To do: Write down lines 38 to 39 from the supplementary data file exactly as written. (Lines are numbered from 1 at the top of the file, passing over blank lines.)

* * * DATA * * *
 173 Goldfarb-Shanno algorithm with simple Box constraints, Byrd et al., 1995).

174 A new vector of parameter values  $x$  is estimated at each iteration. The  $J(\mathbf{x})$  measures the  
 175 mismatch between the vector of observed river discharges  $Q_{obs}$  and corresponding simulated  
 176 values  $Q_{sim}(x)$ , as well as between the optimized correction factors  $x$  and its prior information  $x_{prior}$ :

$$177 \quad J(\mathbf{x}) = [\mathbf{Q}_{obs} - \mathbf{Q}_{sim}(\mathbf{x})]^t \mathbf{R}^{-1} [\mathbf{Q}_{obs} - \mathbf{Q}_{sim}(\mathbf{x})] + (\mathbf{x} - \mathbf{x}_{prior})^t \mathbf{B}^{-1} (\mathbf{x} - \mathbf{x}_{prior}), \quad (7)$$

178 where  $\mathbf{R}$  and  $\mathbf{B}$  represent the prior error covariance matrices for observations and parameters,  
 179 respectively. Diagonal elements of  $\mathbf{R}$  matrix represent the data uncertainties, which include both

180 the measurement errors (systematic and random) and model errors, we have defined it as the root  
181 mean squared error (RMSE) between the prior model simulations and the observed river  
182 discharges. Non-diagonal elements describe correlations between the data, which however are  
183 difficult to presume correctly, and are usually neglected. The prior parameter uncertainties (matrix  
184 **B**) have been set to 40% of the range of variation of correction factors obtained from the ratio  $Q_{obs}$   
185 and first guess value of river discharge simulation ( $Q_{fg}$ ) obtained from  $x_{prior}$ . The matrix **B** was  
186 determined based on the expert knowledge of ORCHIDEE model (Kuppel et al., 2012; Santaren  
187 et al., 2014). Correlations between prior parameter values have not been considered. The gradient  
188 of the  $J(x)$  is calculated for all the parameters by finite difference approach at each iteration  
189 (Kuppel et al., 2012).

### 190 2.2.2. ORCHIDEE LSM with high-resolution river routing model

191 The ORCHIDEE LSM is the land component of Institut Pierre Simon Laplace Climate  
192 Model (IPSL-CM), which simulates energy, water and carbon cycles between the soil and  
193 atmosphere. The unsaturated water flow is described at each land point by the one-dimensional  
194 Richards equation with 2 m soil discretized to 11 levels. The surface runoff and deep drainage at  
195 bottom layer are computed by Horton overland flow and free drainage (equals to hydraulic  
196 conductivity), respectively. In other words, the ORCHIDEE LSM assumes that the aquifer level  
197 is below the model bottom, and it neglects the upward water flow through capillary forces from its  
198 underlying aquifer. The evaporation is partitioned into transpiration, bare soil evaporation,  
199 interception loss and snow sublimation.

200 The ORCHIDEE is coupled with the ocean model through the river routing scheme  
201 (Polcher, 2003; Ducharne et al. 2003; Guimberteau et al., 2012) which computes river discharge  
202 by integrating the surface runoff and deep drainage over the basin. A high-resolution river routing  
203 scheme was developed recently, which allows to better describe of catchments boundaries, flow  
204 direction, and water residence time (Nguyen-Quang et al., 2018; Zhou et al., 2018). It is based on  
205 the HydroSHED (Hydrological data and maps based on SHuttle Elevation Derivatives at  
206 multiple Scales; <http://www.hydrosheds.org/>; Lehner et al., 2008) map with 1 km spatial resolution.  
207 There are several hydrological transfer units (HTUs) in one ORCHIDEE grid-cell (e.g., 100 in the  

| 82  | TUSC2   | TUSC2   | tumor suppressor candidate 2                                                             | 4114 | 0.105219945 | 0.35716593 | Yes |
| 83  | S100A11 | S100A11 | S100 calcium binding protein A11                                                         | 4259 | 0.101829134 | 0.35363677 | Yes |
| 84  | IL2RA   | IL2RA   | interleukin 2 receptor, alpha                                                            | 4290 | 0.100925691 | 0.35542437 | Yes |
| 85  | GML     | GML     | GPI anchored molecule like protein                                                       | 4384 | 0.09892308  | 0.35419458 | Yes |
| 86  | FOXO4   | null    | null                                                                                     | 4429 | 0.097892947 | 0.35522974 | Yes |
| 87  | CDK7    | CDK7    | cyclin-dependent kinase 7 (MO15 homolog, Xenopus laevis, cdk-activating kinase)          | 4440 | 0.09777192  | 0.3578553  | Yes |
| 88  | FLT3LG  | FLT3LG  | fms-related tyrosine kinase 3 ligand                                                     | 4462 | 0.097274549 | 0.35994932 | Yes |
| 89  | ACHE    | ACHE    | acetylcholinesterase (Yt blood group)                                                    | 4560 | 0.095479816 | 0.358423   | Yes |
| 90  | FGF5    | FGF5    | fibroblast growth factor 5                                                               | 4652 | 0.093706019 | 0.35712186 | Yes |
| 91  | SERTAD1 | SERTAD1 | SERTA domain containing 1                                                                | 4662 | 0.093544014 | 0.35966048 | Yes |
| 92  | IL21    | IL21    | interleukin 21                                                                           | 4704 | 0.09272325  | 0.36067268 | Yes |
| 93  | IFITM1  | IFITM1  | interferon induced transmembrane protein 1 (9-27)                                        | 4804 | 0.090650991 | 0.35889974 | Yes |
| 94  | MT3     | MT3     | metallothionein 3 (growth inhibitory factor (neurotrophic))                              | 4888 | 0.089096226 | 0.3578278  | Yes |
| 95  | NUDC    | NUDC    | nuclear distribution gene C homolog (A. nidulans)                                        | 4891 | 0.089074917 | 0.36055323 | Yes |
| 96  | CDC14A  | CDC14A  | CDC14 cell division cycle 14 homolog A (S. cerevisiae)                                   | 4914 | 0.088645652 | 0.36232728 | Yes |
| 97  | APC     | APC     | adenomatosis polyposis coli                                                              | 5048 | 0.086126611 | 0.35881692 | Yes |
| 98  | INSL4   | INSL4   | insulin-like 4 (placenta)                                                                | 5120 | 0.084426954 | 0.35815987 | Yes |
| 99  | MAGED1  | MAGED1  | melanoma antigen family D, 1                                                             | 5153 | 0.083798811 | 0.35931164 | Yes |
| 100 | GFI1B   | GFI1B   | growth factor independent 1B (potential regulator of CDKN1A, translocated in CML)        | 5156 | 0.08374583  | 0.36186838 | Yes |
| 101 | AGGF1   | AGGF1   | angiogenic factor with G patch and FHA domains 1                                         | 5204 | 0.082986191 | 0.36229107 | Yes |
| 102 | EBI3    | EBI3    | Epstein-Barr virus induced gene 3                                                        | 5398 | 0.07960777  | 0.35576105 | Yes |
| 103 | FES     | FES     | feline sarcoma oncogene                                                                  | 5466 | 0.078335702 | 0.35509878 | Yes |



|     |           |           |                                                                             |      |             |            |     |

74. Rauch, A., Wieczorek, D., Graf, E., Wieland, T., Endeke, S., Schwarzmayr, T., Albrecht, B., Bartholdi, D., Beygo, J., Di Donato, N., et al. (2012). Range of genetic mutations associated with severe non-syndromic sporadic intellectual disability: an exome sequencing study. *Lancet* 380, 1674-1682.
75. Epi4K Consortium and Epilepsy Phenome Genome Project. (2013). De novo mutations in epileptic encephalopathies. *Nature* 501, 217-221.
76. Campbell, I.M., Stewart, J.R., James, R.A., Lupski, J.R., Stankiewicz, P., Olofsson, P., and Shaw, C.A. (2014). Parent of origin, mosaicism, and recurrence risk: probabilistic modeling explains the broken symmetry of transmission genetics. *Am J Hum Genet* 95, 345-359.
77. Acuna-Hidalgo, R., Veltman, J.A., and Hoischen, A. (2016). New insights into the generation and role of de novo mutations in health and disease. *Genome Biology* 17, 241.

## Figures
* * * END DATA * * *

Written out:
| 84  | IL2RA   | IL2RA   | interleukin 2 receptor, alpha                                                            | 4290 | 0.100925691 | 0.35542437 | Yes |
| 85  | GML     | GML     | GPI anchored molecule like protein                                                       | 4384 | 0.09892308  | 0.35419458 | Yes |